At the 1980, 1981, 1982, and 1984 Symposia on Archaeometry, one of us (J.D.) showed the possibility of fabricating ceramics by Low Temperature Geopolymeric Setting (LTGS) between 50°C and 500°C. The results obtained with LTGS have been surprising and very interesting from the archaeological point of view, e.g. the fabrication of ceramic whose surface is covered by an intense black color, identical in appearance to numerous European ceramics especially the Etruscan pottery of the Bucchero Nero type (630 B.C.) and Impasto marrone (650 B.C.). The Etruscan civilization florished in Italy before the creation of the Roman Empire (Tarquinia, Cerveteri, Orvieto, Veio, Chiusi).

Long-Lasting Roman Cements and Concretes

Concrete experts talk today about how to make concrete durable. Many ancient Roman concrete buildings are still in use after more than 2000 years. Our recent linguistical study and new translation of Latin author Vitruvius book De Architectura (1st Century B.C.) states that the magnificent quality of Roman concrete resulted from the extensive use of artificial pozzolanic mortars and concretes. Technical keywords related to these high-performance cements have not been properly understood before recent linguistic studies and the development of geopolymeric cements shed new light and new interpretation on these texts. A short visit to three ancient Roman sites located in Rome, Italy, (Coloseo, Pantheon), Trier, Germany (Thermal baths),Cagliari-Nora, Italy (Thermal baths) illustrates three different long-lasting Roman concretes.

Egyptian Made-Made Stone Statues in 2000 B.C.: Deciphering the Irtysen Stele (Louvre C14)

Ancient Egypt’s legendary reputation as master of the stone arts spans almost the entire history of civilization. During this era, stone artefacts (hard stone vessels, statues) made of metamorphic schist, diorite and basalt were produced. Smooth and glossy, these stone artefacts – between 4.000 and 5.000 years old – bear no trace of tool marks. The evidence presented here, however, demonstrates that the ancient artists knew how to convert ores and minerals into a mineral binder for producing stone artefacts, such as statues that were not carved but rather cast in molds, synthetic stone statues. The first evidence comes from a new deciphering of the C-14 Irtysen Stele (dating 2.000 BC, Louvre Museum, Paris). The stele is the autobiography of the sculptor Irtysen who lived under one of the Mentuhotep Pharaohs, 11th. Dynasty. The stele C-14 of the Louvre has been often studied. Yet many of its expressions pertain to the domain of stone technology and have been tentatively translated in the past with terms differing so widely that the translators were obviously not able to understand the described technology. According to sculptor Irtysen, cast man-made stone was a secret knowledge.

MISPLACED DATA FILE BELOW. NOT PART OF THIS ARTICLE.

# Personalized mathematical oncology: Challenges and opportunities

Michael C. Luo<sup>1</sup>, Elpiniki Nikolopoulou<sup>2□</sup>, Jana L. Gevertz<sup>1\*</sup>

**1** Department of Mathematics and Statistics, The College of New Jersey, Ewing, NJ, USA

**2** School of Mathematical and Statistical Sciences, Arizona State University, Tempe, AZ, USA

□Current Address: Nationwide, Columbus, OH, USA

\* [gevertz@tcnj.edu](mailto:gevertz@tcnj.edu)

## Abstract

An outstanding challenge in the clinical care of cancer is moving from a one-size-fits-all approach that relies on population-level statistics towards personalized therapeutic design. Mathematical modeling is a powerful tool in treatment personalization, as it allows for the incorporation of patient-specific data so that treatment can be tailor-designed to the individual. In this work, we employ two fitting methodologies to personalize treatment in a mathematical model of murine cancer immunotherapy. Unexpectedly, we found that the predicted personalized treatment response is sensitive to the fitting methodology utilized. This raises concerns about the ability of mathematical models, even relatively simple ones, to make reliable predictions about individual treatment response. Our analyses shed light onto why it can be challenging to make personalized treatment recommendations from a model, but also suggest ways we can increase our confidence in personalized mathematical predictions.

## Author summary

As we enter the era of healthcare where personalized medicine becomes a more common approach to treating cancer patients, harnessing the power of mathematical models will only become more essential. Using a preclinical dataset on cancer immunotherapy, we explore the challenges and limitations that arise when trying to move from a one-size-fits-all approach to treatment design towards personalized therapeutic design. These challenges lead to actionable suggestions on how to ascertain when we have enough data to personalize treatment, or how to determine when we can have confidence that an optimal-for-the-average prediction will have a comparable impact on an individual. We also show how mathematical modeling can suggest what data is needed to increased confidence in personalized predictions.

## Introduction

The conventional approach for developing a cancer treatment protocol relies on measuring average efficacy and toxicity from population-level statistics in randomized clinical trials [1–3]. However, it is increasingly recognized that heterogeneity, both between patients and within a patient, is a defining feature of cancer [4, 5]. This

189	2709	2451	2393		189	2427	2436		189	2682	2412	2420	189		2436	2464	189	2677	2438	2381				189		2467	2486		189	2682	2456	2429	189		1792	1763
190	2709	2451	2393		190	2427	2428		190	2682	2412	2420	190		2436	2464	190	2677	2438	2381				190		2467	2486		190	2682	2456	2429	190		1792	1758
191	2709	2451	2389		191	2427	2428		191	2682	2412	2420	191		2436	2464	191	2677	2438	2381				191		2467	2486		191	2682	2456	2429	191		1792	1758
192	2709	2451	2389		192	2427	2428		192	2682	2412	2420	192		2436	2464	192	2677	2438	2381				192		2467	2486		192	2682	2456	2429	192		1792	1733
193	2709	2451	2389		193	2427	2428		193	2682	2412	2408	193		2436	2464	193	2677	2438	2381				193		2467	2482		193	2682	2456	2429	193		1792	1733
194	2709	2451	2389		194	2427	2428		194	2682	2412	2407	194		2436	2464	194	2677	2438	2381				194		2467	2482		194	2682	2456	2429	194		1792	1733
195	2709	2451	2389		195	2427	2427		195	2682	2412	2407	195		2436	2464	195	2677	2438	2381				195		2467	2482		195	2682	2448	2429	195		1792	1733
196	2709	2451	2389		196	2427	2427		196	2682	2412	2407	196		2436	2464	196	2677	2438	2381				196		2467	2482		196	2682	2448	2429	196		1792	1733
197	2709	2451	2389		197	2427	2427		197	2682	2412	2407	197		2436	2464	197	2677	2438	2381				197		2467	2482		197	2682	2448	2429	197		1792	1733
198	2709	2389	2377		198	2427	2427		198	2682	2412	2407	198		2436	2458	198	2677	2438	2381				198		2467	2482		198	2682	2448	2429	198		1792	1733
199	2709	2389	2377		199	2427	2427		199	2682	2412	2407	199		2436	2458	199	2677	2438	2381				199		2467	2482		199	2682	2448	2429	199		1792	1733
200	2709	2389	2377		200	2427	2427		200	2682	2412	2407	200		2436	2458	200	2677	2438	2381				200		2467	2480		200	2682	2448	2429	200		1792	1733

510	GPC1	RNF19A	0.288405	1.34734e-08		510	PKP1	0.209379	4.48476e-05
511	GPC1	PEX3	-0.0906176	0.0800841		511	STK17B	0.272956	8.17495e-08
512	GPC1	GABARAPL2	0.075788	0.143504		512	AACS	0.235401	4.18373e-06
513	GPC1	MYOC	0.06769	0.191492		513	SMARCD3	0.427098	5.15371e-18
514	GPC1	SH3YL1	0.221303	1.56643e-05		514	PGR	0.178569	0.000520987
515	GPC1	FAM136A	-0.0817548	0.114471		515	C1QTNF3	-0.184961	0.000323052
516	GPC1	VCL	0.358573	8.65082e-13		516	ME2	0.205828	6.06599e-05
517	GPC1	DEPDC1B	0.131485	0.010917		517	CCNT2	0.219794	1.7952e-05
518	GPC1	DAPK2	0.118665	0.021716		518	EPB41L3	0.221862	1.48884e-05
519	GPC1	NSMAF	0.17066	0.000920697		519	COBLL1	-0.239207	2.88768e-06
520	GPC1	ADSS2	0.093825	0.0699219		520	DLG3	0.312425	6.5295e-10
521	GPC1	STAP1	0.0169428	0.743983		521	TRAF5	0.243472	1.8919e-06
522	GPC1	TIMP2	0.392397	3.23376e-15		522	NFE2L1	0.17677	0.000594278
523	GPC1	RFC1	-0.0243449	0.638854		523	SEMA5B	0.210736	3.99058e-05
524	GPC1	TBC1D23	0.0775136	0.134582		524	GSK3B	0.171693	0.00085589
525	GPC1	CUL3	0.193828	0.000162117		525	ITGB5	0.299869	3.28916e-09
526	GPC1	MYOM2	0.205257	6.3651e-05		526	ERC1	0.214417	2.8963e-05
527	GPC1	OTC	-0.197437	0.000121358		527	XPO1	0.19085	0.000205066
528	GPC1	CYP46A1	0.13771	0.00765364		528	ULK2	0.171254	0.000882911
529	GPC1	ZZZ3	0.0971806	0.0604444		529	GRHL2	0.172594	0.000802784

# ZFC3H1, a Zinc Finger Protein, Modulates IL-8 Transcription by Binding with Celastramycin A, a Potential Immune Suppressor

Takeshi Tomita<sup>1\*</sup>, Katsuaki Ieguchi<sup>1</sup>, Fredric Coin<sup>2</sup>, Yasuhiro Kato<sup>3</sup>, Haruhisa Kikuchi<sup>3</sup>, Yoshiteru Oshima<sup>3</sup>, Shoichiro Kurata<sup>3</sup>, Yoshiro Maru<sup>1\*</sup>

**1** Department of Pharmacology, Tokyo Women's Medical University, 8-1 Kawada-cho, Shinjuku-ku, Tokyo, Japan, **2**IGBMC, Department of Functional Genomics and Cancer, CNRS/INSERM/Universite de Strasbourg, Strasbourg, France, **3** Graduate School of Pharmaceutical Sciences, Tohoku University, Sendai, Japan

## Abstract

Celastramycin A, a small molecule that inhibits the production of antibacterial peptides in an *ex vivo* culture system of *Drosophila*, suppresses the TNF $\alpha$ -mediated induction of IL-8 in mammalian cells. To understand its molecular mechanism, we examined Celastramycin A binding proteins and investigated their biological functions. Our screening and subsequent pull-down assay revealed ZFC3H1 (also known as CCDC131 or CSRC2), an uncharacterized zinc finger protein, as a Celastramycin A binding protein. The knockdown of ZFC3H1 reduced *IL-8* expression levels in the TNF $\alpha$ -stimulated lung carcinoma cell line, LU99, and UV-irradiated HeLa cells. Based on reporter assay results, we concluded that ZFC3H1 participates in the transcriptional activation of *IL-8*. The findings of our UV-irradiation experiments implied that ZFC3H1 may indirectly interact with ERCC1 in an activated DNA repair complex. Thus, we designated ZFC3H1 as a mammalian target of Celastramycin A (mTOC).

Construction of the Egyptian Great Pyramids (2500 B.C.) with Agglomerated Stone. Update of the latest Research

Update of the latest research.
From a geological point of view, the Giza Plateau is an outcrop of the Middle Eocene Mokkatam Formation. Yet, the outcrop that dips into the wadi, where the quarries are located and also the trench around the Sphinx and the Sphinx body, consist of softer thickly bedded marly nummulite limestone layers with a relative high amount of clay. The amount of water-sensitive parts, expressed as weight percent of stone, is strikingly very high, ranging between 5.5% to 29%. It is obvious that the builders took advantage of the thickly bedded softer limestones. The disaggregated muddy material was ready for geopolymeric re-agglomeration. Perhaps the biggest surprise encountered in this study deals with the hieroglyphic verbs for to build, namely khusi (Gardiner’s list A34). The sign khusi represents a man pounding or packing material in a mold. This is one of the oldest Egyptian hieroglyphs.

The construction method of Kheops Great Pyramid.
Based on selected texts, illustrations and also physical, geological and architectural facts, Prof. Demortier demonstrates in this paper that the construction with blocks extracted, hewn and transported was an impossible task, whereas the method of molding stone blocks explains all the procedure. In the light of this analysis he proposes several evidences supporting Davidovits’ theories, such as new physico-chemical analysis on small fragments of Kheops pyramid. He also provides a model describing how molds were assembled and used in the production of individual blocks. He finally proposes some simple tests to continue this study.

Plus other hieroglyphic texts, analysis, experimentations, etc.
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Joseph Davidovits’ books

A list of books written by Joseph Davidovits are available in its personnal web site